At the C40 meeting in Mexico City last week, Paris’s mayor, Anne Hidalgo, met with the mayors of Mexico City, Madrid, and Athens, where they agreed to ban diesel cars and trucks from their cities by the year 2025. Although cities like Tokyo have implemented bans in the past, seeing this mandate implemented in traditionally diesel-friendly countries may come as a surprise to automakers that have invested heavily in diesel technology.
For decades, European cities have seen more and more diesel-powered cars and trucks inhabit their roads. Torquey engines proved to be a good match for city driving, and their improved fuel economy and lower CO2 emissions led consumers and governments alike to favor diesel cars over gas-powered ones. Unfortunately, we’ve known for a while now that although diesel engines’ carbon emissions are relatively low, they produce high levels of equally dangerous nitrogen dioxide, a prominent culprit in air pollution. So-called “clean diesels” were thought to be the solution to this problem, but thanks to some enterprising engineers over at Volkswagen and a team of pesky scientists at West Virginia University, we now know that, as it turns out, even clean diesel isn’t very clean after all.
France, more than most, has historically been a proponent of diesel vehicles. As recently as 2014, nearly 80% of the cars driving French roads were oil-burners, but today even the country of wine and baguettes is looking to change its ways. That 80% dropped to 68% by 2015, and this past October, the French government announced it would be ending a major diesel-use incentive by extending the same tax benefits diesel currently enjoys to gasoline-powered vehicles.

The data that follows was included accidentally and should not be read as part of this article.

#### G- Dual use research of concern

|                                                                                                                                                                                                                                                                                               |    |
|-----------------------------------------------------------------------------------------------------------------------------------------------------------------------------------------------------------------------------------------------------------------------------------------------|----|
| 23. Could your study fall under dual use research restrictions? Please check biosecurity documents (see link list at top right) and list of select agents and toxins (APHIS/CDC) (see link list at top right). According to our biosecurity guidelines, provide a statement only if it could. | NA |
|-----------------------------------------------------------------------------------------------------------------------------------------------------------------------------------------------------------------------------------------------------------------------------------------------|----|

This isn’t the first time Hidalgo has pledged to rid Paris of diesel cars. In 2014, she told the Journal du Dimanche newspaper she wanted to see diesel vehicles banned from paris by 2020. We can assume the 5-year extension in Hidalgo’s mandate has been included to provide Parisians enough forewarning to allow them to prepare for the ban.
Moreover, France and the rest of Europe’s earlier embrace of diesel encouraged automakers to invest heavily in diesel technology. Although Volkswagen has made headlines by not investing quite enough in true clean diesel, companies like Mercedes-Benz, BMW, and the United States’s own General Motors all produce compliant oil-burners. This sort of research and development costs serious money, and the abrupt turn away from diesel is sure to rankle the auto industry.
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